We all remember some of those exciting “miracle seasons” of the Atlanta Braves beginning in the 1990s. The first “miracle season,” however, for the oldest professional baseball team still in existence came about 100 years ago in 1914.
At that time, they were the Boston Braves and one of the worst teams playing during the early months of the season. The team had come to Atlanta in the pre-season to play the Atlanta Crackers and had no trouble winning those exhibition games. The regular season was a different story altogether.
Led by Georgia-born coach George Stallings, the Braves were in last place in the National League by the July midseason mark. In a stunning run of victories, Stallings took the team from last to first in just six weeks. After winning the pennant, however, they faced the Philadelphia Athletics headed by legendary coach Connie Mack. The “Mackmen” had won three out of the last four World Series. With a stable of famed players and a reputed “$100,000 infield,” the Athletics were heavy favorites.
The Braves took the first two games of the series in Philadelphia and returned to Fenway Park and a euphoric Boston. Shocking everyone, they won the second two games and swept the World Series, something that had never been done in the 10-year history of the contest. As one writer of the time commented, the Braves “emerged late-to-date champions of the world, leaving a trail of startling sur-prises and upsets in their wake which it will be hard to duplicate.”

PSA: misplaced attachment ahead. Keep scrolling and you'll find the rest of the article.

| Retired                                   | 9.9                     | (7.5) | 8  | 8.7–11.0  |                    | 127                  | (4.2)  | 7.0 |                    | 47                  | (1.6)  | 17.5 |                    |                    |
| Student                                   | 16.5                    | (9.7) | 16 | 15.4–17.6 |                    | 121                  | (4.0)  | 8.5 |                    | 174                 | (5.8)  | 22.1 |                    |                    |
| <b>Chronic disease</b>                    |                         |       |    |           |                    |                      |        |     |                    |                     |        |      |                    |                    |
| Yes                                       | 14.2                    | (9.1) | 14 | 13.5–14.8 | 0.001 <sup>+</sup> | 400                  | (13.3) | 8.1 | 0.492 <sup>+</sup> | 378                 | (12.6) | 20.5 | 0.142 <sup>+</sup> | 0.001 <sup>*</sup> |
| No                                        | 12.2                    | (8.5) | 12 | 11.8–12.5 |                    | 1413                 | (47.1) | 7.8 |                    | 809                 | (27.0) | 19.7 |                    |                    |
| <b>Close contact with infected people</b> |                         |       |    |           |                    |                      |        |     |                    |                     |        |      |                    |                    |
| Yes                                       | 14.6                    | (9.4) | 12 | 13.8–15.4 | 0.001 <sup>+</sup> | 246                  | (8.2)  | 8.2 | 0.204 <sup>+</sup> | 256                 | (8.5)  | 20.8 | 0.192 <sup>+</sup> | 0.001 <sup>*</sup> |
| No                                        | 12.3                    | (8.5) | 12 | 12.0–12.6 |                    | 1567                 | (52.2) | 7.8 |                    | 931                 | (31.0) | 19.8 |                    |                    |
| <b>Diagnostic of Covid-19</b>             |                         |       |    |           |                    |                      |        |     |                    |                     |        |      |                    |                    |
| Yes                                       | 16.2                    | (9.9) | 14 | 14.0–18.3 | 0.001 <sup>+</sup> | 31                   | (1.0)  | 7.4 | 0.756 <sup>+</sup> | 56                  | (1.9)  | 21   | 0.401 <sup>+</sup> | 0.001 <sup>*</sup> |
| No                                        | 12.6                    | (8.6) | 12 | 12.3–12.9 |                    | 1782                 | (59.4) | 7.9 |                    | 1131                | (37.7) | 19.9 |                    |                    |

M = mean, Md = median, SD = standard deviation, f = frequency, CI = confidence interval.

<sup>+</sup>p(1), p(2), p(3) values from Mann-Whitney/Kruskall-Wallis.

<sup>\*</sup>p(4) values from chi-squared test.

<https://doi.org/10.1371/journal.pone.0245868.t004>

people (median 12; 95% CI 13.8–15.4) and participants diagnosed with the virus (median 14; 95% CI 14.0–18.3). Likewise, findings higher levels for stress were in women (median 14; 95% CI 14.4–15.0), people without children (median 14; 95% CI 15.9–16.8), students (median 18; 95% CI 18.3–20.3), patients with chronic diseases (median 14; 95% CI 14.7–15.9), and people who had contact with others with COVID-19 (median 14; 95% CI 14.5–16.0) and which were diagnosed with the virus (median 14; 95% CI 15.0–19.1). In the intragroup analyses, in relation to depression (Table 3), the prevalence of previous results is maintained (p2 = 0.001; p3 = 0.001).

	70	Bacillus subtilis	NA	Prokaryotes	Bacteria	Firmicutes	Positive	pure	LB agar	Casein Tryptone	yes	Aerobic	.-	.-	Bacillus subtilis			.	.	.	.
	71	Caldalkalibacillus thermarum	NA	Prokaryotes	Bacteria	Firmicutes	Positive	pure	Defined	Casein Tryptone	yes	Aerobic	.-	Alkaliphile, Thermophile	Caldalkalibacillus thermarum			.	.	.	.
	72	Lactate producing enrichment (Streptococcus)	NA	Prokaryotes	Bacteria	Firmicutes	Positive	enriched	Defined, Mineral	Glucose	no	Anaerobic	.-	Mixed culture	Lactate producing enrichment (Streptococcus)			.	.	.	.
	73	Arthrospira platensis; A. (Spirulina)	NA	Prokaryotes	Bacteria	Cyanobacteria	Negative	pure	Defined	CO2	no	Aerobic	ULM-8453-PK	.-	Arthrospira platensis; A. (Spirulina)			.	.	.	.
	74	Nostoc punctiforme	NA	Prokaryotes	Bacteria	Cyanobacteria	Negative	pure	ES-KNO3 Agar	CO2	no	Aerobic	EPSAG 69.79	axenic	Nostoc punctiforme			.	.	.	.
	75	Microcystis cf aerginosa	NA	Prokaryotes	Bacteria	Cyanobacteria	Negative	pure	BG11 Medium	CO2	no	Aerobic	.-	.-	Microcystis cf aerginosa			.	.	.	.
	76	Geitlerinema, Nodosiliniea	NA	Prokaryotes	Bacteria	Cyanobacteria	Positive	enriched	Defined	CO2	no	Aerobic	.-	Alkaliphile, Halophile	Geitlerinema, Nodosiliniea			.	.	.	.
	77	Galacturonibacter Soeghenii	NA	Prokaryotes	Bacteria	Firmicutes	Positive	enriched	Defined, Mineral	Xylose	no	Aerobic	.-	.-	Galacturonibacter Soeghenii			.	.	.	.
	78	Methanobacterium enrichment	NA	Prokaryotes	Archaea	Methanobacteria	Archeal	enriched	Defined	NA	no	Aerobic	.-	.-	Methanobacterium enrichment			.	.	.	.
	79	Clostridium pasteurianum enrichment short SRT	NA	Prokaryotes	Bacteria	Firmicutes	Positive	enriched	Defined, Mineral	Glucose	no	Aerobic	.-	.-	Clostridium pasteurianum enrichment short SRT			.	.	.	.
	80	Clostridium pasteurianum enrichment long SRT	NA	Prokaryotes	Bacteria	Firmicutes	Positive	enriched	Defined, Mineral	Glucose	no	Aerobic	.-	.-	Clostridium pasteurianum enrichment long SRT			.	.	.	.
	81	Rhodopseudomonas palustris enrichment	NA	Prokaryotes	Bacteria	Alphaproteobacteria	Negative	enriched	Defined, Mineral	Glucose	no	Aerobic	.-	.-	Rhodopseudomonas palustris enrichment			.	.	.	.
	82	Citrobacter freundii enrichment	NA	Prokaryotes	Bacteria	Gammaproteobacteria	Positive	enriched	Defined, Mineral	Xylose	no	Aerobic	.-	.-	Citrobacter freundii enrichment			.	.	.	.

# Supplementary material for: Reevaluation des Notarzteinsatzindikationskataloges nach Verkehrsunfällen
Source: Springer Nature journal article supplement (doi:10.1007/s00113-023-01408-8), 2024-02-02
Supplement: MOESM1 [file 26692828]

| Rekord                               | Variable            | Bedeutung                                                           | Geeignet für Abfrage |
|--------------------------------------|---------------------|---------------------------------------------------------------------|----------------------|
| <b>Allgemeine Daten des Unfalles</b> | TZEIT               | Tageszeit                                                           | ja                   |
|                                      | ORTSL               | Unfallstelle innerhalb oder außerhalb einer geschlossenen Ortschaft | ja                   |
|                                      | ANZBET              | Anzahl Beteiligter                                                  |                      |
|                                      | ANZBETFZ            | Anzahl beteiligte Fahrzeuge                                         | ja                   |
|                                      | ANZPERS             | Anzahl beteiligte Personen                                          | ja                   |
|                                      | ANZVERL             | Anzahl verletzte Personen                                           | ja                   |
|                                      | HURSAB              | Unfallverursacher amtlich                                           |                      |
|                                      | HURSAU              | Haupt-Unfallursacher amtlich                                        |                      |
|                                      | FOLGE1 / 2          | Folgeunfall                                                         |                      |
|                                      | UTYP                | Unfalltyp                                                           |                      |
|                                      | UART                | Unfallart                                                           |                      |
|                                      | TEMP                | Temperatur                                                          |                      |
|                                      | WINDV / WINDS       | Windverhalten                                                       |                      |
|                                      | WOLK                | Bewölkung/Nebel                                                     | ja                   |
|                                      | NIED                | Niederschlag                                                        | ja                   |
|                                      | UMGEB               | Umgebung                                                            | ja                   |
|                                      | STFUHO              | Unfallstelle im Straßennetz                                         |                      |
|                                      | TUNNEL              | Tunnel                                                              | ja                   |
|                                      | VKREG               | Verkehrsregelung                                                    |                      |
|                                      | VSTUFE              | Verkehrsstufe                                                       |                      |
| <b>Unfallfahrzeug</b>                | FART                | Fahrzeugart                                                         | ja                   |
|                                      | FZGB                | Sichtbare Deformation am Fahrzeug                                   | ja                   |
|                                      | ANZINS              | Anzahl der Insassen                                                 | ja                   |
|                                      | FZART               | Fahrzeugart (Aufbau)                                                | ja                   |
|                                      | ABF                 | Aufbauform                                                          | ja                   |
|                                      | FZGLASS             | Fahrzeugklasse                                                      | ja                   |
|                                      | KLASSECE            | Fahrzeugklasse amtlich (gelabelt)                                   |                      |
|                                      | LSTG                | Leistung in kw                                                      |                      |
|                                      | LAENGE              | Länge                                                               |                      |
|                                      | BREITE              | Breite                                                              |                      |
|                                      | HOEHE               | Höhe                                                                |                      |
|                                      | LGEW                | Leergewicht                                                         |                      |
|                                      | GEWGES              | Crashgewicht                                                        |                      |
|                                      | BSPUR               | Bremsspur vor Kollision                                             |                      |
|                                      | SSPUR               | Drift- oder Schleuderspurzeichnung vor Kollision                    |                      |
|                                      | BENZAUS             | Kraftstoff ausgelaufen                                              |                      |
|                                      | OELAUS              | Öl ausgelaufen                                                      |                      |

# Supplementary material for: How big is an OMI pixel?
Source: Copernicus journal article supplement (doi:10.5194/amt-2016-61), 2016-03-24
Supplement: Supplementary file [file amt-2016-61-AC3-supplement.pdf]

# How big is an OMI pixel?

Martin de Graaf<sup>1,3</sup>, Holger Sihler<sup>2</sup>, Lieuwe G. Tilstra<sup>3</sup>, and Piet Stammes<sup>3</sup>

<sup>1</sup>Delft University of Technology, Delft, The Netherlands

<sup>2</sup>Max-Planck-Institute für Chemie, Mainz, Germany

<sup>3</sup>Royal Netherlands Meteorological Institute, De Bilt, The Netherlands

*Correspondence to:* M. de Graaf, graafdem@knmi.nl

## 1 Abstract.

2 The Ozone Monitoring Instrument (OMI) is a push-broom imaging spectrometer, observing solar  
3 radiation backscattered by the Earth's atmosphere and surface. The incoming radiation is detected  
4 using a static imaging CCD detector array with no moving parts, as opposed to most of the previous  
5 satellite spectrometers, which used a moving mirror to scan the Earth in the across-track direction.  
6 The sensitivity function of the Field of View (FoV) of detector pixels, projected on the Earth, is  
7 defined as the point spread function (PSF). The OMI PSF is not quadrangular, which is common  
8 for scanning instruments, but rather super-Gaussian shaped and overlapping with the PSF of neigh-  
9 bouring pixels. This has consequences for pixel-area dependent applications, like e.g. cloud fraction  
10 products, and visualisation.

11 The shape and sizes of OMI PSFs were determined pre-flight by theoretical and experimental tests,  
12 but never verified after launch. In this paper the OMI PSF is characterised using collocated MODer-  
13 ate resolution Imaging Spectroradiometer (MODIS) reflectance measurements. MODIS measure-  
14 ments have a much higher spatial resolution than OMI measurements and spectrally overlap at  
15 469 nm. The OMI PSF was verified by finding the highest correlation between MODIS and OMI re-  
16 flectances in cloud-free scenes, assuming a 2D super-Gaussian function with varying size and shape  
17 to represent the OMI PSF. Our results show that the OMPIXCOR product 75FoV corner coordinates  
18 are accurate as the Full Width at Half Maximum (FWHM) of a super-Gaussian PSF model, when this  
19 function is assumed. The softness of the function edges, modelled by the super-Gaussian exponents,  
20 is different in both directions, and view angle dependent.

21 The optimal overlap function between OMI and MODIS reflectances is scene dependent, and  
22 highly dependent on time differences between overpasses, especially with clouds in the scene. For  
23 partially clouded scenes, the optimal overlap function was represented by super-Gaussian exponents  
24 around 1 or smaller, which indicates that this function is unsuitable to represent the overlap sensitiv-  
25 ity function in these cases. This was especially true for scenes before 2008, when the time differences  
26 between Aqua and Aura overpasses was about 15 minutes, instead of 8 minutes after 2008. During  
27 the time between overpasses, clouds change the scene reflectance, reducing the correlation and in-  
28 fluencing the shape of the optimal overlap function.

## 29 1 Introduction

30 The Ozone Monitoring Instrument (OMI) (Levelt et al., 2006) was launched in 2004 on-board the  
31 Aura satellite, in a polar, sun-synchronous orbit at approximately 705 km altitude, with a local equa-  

The bad part of winning the 1914 World Series in four straight was that players, owners and coaches were only paid a percentage of the gate receipts for their efforts. Total receipts for the four games was $226,739 and the players’ portion of that was $121,900. The Braves got 60 percent or $73,140. Divided equally, each “Miracle Brave” received $2,813, about $56,000 in modern dollars.
Much of the credit for the miracle season went to George Stallings who was born in Augusta, Geor-gia in 1867. After a few years as a lackluster player, he moved on to coaching and slowly moved up to the major leagues. He lived in Jones County Georgia for the last 30 years of his life and brought most of his teams to Georgia in the pre-season which accounts for their games against the Crackers in 1914. Other than the miracle season with the Braves, Stallings was not an exceptionally successful coach. He retired in 1920 and died in 1929 as the owner of the Montreal Royals of the International League. He is buried in Macon, Georgia.